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Film Review: Bakemono (2024) by Doug Roos
Film Review: Bakemono (2024) by Doug Roos

Film Review: Bakemono (2024) by Doug Roos

Gory if convoluted non-linear Japanese monster movie.

Following a string of successful shorts and other features, ex-patriate writer/director Doug Roos took the crowdfunding route to compile his latest feature, the gory creature feature horror “Bakemono.” Shot in and around Tokyo with a cast and crew of local talent, the enigmatic film displays his love for creature features, monsters, and old-school practical effects. Now, as the film continues its festival run, the graphic monster movie comes to Japan Filmfest Hamburg for its next special screening.

Bakemono is screening at Japan FilmFest Hamburg

Arriving at a Tokyo Airbnb apartment, Anna (Marilyn Kawakami) and her friend Risa (Miki Nomura) are hoping to use the space as a way of getting out of the horrors of the city and relaxing. The same goes for Army Officer Sean (Conor Lyne), who’s happy to get out of the hellish relationship that he just ended while staying at the apartment. As bodies go missing and building owner Mitsuo (Takashi Irie) seems unwilling to go along with the madness on display, the resulting discovery of his perverted actions at the center of everything is matched only by the ferocity of the demonic creature Mitsuo supposedly raised in black magic that haunts the building, killing anyone who dares enter the premises.

There’s quite a lot to like with “Bakemono.” It mostly centers around the film’s creature action and the preference for practically-driven effects by Roos himself. These end up providing an old-school touch to everything that comes off as genuinely refreshing and enjoyable. The storyline’s simple structure and repetitive framework ensure that a constant crop of guests are brought in to stay at the location, fulfilling the constant need for bodies to be slashed up or gruesomely dispatched by the vicious creature.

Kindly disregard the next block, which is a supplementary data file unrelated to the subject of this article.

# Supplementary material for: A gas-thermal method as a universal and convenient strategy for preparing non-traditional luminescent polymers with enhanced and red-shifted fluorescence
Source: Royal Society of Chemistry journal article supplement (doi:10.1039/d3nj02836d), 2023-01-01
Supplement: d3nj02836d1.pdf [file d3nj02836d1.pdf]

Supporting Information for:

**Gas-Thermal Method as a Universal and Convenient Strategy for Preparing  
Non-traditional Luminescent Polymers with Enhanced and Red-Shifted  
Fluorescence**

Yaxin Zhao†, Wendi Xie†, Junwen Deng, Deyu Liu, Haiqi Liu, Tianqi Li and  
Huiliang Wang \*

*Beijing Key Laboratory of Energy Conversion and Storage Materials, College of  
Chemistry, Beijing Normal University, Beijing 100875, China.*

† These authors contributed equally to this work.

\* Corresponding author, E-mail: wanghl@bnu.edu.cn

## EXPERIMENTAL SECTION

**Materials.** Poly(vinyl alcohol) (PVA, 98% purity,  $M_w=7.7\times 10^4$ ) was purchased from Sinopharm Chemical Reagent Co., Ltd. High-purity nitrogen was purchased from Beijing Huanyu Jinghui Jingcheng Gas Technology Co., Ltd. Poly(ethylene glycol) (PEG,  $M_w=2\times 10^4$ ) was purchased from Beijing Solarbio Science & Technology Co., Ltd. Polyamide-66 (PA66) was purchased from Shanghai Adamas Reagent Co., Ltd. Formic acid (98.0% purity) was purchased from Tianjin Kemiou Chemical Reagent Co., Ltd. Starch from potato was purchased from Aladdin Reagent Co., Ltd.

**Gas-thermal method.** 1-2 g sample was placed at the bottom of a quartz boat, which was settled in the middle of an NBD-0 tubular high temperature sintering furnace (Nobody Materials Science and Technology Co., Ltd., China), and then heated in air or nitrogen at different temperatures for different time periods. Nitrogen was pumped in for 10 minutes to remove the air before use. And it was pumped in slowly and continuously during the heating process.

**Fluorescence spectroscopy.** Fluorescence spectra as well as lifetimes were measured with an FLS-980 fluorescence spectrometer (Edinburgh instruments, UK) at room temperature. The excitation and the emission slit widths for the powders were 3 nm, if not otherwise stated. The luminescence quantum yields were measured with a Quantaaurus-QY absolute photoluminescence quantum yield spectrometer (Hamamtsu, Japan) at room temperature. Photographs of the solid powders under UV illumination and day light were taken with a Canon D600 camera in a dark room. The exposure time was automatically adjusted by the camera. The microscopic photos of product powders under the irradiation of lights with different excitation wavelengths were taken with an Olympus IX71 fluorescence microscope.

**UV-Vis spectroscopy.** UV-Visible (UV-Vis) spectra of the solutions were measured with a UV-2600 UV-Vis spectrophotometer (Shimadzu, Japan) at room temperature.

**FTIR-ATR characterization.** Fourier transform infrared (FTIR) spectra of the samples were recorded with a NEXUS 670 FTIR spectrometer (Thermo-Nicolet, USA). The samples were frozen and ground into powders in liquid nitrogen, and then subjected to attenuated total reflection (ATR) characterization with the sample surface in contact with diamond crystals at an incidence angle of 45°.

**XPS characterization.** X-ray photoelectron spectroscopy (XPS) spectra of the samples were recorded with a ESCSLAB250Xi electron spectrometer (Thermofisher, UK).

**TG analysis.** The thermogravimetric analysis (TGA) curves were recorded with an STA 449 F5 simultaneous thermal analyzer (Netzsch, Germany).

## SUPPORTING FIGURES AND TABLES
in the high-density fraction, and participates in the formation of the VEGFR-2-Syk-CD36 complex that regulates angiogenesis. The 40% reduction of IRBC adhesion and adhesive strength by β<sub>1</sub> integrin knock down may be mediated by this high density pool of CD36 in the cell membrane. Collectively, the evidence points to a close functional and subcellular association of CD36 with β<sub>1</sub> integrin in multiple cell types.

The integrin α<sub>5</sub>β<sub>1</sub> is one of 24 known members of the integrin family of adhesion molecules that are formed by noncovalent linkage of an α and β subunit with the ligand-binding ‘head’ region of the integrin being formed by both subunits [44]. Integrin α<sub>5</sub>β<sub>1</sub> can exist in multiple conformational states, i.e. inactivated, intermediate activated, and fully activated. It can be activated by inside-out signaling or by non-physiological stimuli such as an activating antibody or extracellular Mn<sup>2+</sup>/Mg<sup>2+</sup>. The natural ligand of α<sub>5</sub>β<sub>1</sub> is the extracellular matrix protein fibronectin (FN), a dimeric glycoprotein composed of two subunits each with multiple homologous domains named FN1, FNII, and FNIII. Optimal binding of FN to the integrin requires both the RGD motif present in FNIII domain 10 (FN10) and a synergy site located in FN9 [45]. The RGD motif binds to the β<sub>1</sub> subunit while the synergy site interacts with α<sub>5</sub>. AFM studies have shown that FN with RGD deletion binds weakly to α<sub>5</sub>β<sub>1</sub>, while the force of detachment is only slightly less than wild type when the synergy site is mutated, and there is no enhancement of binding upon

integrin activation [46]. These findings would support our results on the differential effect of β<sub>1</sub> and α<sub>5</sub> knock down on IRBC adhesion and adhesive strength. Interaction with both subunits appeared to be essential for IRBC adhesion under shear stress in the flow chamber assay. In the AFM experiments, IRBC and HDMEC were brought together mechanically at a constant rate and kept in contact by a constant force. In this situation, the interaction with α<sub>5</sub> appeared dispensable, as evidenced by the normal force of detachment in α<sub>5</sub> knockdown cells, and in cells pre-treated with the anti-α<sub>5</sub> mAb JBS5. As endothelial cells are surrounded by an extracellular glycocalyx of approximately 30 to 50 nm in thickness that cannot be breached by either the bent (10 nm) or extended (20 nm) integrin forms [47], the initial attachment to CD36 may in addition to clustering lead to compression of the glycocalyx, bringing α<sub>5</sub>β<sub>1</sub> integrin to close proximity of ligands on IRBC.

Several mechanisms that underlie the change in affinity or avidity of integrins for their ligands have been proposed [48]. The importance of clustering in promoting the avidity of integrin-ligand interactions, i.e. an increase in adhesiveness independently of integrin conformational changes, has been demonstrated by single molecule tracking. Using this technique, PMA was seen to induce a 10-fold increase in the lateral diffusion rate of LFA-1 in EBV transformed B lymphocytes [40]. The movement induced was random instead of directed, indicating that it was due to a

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The humanoid appearance and misshapen features look great when it’s captured in the dark, murky shadows of the building, and the carnage left behind ensures that severed limbs, scattered teeth, intestines, and even more get ripped out and left on-screen in a gruesome fashion. Also, the creature’s ability to supernaturally influence others to carry this out on their own allows for a nice change of pace. That aspect adds a touch of suspense to the mix where it’s hard to expect what’s going to happen giving this one quite a lot to like.

“Bakemono,” though, does have some issues holding it down. These mainly center on the scattershot and haphazard storyline by writer/director Roos where it becomes rather hard to tell what’s going on. Since this one tends to feature a wide range of characters who seem to visit the property at various times, it’s hard to tell if this takes place in a day, week, month, or at other random points in time. Getting names to faces is also next to impossible and any structure is lost with random victims appearing, doing whatever their interests say to accomplish, and then encountering the creature who knocks them out.

This setup never really provides a chance to get to know anyone beyond Army officer Sean or best friends Anna and Risa as they seem to be the main characters. The completely unexplained presence of the creature or who anyone else is makes for a confusing time when the film isn’t focused on splattering effective-looking entrails on-screen. It’s the main issue to be had with the film overall.

An overall fun if somewhat problematic creature feature, “Bakemono” manages to generate quite a lot to like about it even if the flaws present here do hold it down the most. Give the film a look if you’re a fan of this style of genre effort or are intrigued by its potential.